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Title: Evolution of Energy Efficiency Programs Over Time: The Case of Standby Power

Abstract

Issued in 2001, Presidential Executive Order 13221 directed federal agencies to purchase products with low standby power, with the goal of 1) reducing energy consumption in federal facilities, and 2) drawing attention to the problem of high standby power consumption, with guidance provided by the Federal Energy Management Program (FEMP). At that time, standby power was newly recognized as an increasing building energy load. Since then, procurement of products with low standby power have been set in place in acquisition processes, and the purchasing power of the federal government continues to influence manufacturers design decisions related to standby power. In recent years, FEMP has shifted effort from direct manufacturer outreach for data collection, to integrating low standby requirement into broader acquisition programs including Energy Star and Electronic Product Environmental Assessment Tool (EPEAT). Another milestone has been the labeling of low standby products on the GSA Advantage website to simplify and enhance compliance. Looking forward into the program?s future, this question arises How do we design programs over time to reflect market and technology changes, by adjusting programmatic requirements while maintaining effectiveness? This paper discusses that question for the case of standby power, which transitioned from covering a single to multiplemore » environmental attributes, both in the context of the program's past and future.« less

Authors:
;  [1];
  1. Hoi
Publication Date:
Research Org.:
Lawrence Berkeley National Lab. (LBNL), Berkeley, CA (United States)
Sponsoring Org.:
USDOE Office of Science (SC)
OSTI Identifier:
1167379
Report Number(s):
LBNL-6893E
DOE Contract Number:  
DE-AC02-05CH11231
Resource Type:
Conference
Resource Relation:
Conference: 2014 ACEEE Summer Study on Energy Efficiency in Buildings, Pacific Grove, CA, August 17, 2014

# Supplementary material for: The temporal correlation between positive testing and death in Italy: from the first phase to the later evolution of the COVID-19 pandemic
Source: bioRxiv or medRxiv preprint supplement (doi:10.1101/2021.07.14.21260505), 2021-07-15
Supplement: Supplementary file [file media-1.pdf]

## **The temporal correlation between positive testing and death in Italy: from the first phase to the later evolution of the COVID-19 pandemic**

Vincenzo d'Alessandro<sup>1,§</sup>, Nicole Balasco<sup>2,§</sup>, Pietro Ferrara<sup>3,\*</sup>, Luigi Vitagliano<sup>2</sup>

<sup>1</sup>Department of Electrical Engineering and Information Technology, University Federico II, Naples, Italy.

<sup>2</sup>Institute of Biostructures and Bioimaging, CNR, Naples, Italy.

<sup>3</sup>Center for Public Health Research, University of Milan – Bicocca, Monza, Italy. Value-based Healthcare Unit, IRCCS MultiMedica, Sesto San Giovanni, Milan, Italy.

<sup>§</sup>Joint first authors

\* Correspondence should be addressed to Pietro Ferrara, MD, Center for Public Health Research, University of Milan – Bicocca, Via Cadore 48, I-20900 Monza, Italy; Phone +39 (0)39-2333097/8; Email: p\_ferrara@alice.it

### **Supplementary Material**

Country of Publication:
United States
Language:
English
Subject:
32 ENERGY CONSERVATION, CONSUMPTION, AND UTILIZATION; energy, energy efficiency, standby power

Citation Formats

Payne, Christopher, Chung, Iris, and Fisher, Emily. Evolution of Energy Efficiency Programs Over Time: The Case of Standby Power. United States: N. p., 2014. Web.
Payne, Christopher, Chung, Iris, & Fisher, Emily. Evolution of Energy Efficiency Programs Over Time: The Case of Standby Power. United States.
Payne, Christopher, Chung, Iris, and Fisher, Emily. Sun . "Evolution of Energy Efficiency Programs Over Time: The Case of Standby Power". United States. doi:. https://www.osti.gov/servlets/purl/1167379.
@article{osti_1167379,
title = {Evolution of Energy Efficiency Programs Over Time: The Case of Standby Power},
author = {Payne, Christopher and Chung, Iris and Fisher, Emily},
abstractNote = {Issued in 2001, Presidential Executive Order 13221 directed federal agencies to purchase products with low standby power, with the goal of 1) reducing energy consumption in federal facilities, and 2) drawing attention to the problem of high standby power consumption, with guidance provided by the Federal Energy Management Program (FEMP). At that time, standby power was newly recognized as an increasing building energy load. Since then, procurement of products with low standby power have been set in place in acquisition processes, and the purchasing power of the federal government continues to influence manufacturers design decisions related to standby power. In recent years, FEMP has shifted effort from direct manufacturer outreach for data collection, to integrating low standby requirement into broader acquisition programs including Energy Star and Electronic Product Environmental Assessment Tool (EPEAT). Another milestone has been the labeling of low standby products on the GSA Advantage website to simplify and enhance compliance. Looking forward into the program?s future, this question arises How do we design programs over time to reflect market and technology changes, by adjusting programmatic requirements while maintaining effectiveness? This paper discusses that question for the case of standby power, which transitioned from covering a single to multiple environmental attributes, both in the context of the program's past and future.},
doi = {},
journal = {},
number = ,
volume = ,
place = {United States},
year = {Sun Aug 17 00:00:00 EDT 2014},
month = {Sun Aug 17 00:00:00 EDT 2014}
}

Conference:
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